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Laboratory Protocols for Investigating Microbial Souring and Potential Treatments in Crude Oil Reservoirs

  • Yuan Xue
  • Gerrit Voordouw
  • Lisa M. GiegEmail author
Protocol
Part of the Springer Protocols Handbooks book series (SPH)

Abstract

Oilfield souring is most frequently caused by the activities of sulfate-reducing microorganisms as they reduce sulfate to sulfide as their terminal electron-accepting process. Souring poses serious health and safety hazards to oilfield workers and can be detrimental to oil production processes by potentially plugging reservoirs and/or leading to infrastructure corrosion. Oilfield souring often occurs during secondary recovery operations based on waterflooding, especially when the water source contains an ample amount of sulfate that can stimulate sulfate reducers associated with the reservoir or other locations within an oil recovery operation (such as topside facilities). Water chemistry, temperature, potential carbon sources, and microbial communities all play a role in determining whether souring will occur in a given field. Approaches such as biocide, nitrate, or, most recently, perchlorate treatments have shown good success in controlling souring in laboratory experiments and/or in field applications. This chapter outlines a variety of protocols that can be used in a laboratory setting to study souring potential in a given oilfield and to test methods of souring control that may be applied to that field or oilfields in general. Methods of field sample collection, water chemistry analyses, microbiological analyses, and laboratory incubation strategies are described.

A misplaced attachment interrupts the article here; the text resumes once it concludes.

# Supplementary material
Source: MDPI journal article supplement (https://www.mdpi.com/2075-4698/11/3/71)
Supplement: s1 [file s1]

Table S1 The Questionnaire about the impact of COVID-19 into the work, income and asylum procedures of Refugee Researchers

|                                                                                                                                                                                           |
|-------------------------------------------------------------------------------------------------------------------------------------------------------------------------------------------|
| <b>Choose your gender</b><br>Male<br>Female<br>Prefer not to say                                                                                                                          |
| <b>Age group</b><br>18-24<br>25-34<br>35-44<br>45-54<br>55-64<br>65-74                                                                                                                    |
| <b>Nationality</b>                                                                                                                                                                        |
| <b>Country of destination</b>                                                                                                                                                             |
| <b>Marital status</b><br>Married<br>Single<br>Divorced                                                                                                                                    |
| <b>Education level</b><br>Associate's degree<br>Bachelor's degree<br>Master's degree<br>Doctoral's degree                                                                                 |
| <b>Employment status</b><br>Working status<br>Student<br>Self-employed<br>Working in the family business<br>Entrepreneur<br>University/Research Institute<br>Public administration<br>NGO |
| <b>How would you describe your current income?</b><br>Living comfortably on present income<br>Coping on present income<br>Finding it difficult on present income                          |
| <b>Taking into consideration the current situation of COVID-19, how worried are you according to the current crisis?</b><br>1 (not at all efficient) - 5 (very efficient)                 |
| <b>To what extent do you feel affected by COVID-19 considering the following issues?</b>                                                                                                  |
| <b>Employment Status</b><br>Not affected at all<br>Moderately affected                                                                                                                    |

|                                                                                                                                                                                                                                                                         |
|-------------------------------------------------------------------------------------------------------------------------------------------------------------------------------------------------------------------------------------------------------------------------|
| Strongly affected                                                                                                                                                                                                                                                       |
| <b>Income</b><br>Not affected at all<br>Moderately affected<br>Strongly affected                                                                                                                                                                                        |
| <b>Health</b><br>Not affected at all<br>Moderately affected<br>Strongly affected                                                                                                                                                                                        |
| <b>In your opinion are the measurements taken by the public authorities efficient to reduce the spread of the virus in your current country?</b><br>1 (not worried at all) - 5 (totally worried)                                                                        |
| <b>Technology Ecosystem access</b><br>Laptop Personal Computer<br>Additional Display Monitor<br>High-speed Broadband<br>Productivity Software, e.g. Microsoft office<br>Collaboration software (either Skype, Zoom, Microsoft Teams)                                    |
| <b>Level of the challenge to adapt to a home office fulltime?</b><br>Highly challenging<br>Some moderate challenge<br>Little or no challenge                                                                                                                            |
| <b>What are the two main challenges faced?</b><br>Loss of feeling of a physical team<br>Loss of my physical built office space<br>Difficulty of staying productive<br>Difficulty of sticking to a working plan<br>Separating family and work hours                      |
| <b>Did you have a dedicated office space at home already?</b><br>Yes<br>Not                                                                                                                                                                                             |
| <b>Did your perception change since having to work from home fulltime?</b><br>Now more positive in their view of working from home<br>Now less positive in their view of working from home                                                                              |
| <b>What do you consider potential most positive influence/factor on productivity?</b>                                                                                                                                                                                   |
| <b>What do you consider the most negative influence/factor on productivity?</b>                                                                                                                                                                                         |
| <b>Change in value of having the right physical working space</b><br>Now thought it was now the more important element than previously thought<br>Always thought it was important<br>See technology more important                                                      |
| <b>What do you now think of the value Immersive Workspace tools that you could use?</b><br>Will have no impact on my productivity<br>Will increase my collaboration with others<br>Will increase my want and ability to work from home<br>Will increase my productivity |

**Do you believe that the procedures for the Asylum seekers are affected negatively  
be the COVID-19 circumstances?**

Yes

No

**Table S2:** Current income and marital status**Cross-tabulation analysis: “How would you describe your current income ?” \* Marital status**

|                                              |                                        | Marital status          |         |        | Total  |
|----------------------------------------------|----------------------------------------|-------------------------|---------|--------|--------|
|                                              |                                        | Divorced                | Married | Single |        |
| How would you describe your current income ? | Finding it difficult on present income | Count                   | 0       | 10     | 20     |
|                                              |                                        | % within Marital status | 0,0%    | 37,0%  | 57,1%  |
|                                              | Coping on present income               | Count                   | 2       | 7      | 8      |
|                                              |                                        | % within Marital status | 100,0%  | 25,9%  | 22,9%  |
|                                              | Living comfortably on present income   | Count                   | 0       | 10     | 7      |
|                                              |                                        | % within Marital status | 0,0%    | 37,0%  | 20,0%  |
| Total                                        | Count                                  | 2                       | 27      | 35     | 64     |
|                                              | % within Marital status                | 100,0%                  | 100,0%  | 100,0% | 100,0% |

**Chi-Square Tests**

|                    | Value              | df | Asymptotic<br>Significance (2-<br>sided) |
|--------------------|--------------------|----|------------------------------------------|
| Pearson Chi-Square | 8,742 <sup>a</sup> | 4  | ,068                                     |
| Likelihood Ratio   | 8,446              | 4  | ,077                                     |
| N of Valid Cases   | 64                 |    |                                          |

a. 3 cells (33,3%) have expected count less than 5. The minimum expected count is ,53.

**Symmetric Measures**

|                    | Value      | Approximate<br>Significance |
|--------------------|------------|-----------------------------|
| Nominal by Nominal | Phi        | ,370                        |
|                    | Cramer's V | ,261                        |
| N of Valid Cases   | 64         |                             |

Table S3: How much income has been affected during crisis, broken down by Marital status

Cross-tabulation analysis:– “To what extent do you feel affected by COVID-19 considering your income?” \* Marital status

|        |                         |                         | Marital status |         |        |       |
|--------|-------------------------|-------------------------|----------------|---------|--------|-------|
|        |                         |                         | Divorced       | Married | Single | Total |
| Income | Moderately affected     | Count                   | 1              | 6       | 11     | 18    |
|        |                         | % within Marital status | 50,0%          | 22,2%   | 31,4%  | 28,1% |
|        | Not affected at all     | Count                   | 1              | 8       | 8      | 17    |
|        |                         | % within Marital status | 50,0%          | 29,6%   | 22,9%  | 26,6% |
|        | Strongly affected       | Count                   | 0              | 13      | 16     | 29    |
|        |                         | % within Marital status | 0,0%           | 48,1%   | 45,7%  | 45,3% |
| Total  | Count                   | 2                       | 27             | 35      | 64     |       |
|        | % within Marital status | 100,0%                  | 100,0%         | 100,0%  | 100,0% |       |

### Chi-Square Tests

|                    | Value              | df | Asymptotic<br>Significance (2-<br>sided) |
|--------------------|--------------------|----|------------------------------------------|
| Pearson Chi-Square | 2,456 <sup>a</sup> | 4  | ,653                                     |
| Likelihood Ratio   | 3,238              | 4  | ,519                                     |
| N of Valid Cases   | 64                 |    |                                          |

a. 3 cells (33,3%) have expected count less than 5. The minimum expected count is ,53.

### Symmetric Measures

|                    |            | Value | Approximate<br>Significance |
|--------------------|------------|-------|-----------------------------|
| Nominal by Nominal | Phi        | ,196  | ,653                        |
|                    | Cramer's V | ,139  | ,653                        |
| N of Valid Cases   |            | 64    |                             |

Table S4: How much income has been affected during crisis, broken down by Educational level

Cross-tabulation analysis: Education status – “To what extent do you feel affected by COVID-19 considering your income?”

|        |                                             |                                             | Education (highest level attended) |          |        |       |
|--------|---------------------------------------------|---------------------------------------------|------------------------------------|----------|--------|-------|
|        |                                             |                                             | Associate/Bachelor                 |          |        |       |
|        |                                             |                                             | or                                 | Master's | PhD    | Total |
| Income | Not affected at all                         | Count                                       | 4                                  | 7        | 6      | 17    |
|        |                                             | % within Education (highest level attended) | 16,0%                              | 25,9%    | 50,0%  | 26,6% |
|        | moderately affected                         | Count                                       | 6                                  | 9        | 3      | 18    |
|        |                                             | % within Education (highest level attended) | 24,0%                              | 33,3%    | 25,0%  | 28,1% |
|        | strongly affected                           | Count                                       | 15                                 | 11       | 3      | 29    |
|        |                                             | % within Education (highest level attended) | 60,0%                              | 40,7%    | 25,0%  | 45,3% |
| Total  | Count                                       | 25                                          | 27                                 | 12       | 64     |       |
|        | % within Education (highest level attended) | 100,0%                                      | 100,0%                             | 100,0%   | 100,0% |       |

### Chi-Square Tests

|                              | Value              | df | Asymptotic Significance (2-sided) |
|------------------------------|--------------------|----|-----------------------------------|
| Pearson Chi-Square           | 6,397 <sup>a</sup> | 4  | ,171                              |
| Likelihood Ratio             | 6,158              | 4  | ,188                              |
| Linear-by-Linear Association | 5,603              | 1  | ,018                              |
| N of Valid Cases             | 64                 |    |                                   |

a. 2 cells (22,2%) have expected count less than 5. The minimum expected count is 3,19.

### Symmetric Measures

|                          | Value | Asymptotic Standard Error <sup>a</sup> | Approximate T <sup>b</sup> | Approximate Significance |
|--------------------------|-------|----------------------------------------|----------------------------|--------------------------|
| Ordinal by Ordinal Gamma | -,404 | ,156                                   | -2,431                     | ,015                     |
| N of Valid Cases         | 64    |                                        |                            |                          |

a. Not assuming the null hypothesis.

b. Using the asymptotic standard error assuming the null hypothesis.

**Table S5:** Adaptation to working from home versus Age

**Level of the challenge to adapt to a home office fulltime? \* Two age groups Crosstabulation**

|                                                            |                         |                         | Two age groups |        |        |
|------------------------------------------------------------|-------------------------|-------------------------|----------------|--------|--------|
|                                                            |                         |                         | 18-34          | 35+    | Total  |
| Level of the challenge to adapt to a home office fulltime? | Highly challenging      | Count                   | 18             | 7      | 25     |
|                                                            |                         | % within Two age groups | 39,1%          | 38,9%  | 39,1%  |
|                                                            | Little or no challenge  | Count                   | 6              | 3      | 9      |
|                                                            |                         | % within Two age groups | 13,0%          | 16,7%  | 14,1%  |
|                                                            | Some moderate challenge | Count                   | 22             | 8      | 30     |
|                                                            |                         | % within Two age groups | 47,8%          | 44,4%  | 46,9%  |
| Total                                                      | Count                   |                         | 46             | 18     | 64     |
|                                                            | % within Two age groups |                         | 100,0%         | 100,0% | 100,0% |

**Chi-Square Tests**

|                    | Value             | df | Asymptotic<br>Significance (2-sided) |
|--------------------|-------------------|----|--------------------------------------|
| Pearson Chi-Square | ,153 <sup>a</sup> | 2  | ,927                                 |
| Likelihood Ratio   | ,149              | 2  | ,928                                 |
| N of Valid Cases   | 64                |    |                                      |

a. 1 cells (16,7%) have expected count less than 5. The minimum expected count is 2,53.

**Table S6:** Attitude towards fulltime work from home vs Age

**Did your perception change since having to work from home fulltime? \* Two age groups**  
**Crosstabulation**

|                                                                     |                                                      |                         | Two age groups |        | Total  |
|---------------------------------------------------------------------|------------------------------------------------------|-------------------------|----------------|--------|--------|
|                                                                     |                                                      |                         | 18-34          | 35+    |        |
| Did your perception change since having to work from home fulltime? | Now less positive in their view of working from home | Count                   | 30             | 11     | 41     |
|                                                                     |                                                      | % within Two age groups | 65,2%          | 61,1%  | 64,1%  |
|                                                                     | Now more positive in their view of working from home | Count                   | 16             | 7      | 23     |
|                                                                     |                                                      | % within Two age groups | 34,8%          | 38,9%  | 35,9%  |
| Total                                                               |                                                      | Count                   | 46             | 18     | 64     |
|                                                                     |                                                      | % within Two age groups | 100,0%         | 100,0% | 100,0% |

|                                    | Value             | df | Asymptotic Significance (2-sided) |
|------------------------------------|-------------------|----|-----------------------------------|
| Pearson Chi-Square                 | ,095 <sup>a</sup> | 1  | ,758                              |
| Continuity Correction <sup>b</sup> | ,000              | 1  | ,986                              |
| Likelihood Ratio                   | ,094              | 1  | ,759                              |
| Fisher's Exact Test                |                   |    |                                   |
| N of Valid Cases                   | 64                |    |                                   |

Keywords:

Biocides Column studies Crude oil reservoir Microcosms Nitrate Souring Sulfate reducers Sulfide 

Notes

Acknowledgments

We thank Johanna Voordouw, Yin Shen, Dr. Rhonda Clark, Dr. Dongshan An, Dr. Chuan Chen, and Dr. Sandra Wilson for their roles in developing and optimizing many of the protocols described in this chapter. LMG was supported by a Natural Sciences and Engineering Research Council (NSERC) Discovery grant, while YX and GV were supported by an NSERC Industrial Research Chair Award (to GV) which is also funded by Baker Hughes, BP, Computer Modelling Group Limited, ConocoPhillips Company, Intertek, Dow Microbial Control, Enbridge, Enerplus Corporation, Oil Search Limited, Shell Global Solutions International BV, Suncor Energy Inc., and Yara Norge AS, as well as by Alberta Innovates Energy and Environment Solutions.

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Copyright information

© Springer-Verlag Berlin Heidelberg 2015

Authors and Affiliations

  1. 1.Petroleum Microbiology Research Group, Department of Biological SciencesUniversity of CalgaryCalgaryCanada

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